The Importance of Proper Database Design: Logical vs Physical Database Design

In the ever-evolving digital landscape, the foundation of any successful software system lies in its database design. It’s not something that can be hastily assembled by amateurs. To harness the full potential of your data, a structured and methodical approach to database design is crucial. In this article, we will delve into the intricacies of database design, differentiating between logical and physical database design, and why it’s imperative to follow these principles.

The Journey from Logical to Physical Database Design

The Essence of Logical Database Design

Logical database design is the initial phase where you lay the groundwork for your data model. It’s the bridge between the conceptual idea and the actual implementation. This stage revolves around understanding your data requirements comprehensively and modeling them appropriately. Key aspects of logical design include:

Data Normalisation

One of the fundamental principles in logical design is data normalisation. It involves eliminating data redundancy and inconsistencies by structuring data elements effectively. A well-normalided data model ensures that data is organised logically and efficiently.

Entity-Relationship Diagrams (E/R Diagrams)

Visual representation is essential in understanding the relationships between entities and data elements. E/R diagrams provide a graphical depiction of these relationships, making it easier to communicate and comprehend the data model.

Identifying Entities and Attributes

Entities are the core building blocks of your data model. These can represent people, places, things, concepts, or events. Attributes define the characteristics of these entities. It’s crucial to differentiate between attributes that describe, identify, or relate to entities.

Transitioning to Physical Database Design

Once the logical data model is in place, it’s time to move towards physical database design. This phase involves translating the logical model into an actual physical database. To do this successfully, you need a deep understanding of the Database Management System (DBMS) you intend to use. Key considerations include:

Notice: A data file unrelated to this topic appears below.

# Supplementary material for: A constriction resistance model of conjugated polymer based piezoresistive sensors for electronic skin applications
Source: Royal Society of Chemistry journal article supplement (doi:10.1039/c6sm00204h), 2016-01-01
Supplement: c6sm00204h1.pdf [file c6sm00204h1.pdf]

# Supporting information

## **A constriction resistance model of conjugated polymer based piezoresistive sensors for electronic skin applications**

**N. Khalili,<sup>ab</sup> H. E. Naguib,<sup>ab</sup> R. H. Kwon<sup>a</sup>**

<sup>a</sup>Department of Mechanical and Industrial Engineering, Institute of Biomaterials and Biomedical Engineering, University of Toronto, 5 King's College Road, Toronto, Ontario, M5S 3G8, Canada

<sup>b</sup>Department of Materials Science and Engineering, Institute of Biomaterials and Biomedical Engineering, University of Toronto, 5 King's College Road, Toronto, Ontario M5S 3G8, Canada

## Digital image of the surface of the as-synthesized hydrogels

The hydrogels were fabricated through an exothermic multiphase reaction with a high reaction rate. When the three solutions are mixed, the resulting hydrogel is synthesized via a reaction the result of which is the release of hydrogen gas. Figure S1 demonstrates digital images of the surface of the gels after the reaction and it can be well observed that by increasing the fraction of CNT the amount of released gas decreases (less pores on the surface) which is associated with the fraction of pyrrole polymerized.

DBMS Features

Understanding the capabilities of the DBMS is essential. You should be well-versed in database objects, physical structures, indexing, referential integrity, data types, and other features that impact database implementation.

Data Type Mapping

Each attribute in your logical model must be mapped to a suitable data type in the DBMS. You may need to adjust data types to align with the DBMS’s requirements.

Constraints and Keys

Implementing constraints and keys is vital for data integrity. Primary keys, foreign keys, and check constraints help maintain data quality and consistency.

Other Physical Aspects

Many decisions must be made during the transition to physical design. These include nullability of columns, character column type (fixed or variable), the use of sequences or identity columns, index creation for query optimization, clustering sequence, and more.

The Value of a Well-Designed Data Model

A well-designed data model serves as the blueprint for your database, offering numerous benefits to your organization:

  • Minimised Data Redundancy: Proper normalization reduces redundant data, saving storage space and ensuring consistency.
  • Enhanced Data Integrity: Data constraints and keys maintain the accuracy and reliability of your data.
  • Improved Usability: A well-structured data model makes it easier to access and utilise data effectively.
  • Timely Data Access: Users can retrieve data more quickly and efficiently.
  • Data Discovery: Data models can reveal hidden patterns and new ways to utilise your data, potentially leading to a competitive advantage.


In the world of modern software development, proper database design is non-negotiable. The journey from logical to physical database design involves careful planning and attention to detail. It’s a process that should not be rushed, as the benefits of a well-structured data model are substantial. By following these principles and understanding your DBMS inside out, you can create a robust foundation for your digital assets, ensuring they perform optimally in the ever-competitive digital landscape.

At LogicSoftware, we specialise in crafting data-driven solutions that leverage the power of well-designed databases. Contact us today to learn how we can help your organisation harness the true potential of your digital assets.

Andrew Davidson
Chief Data & AI Officer

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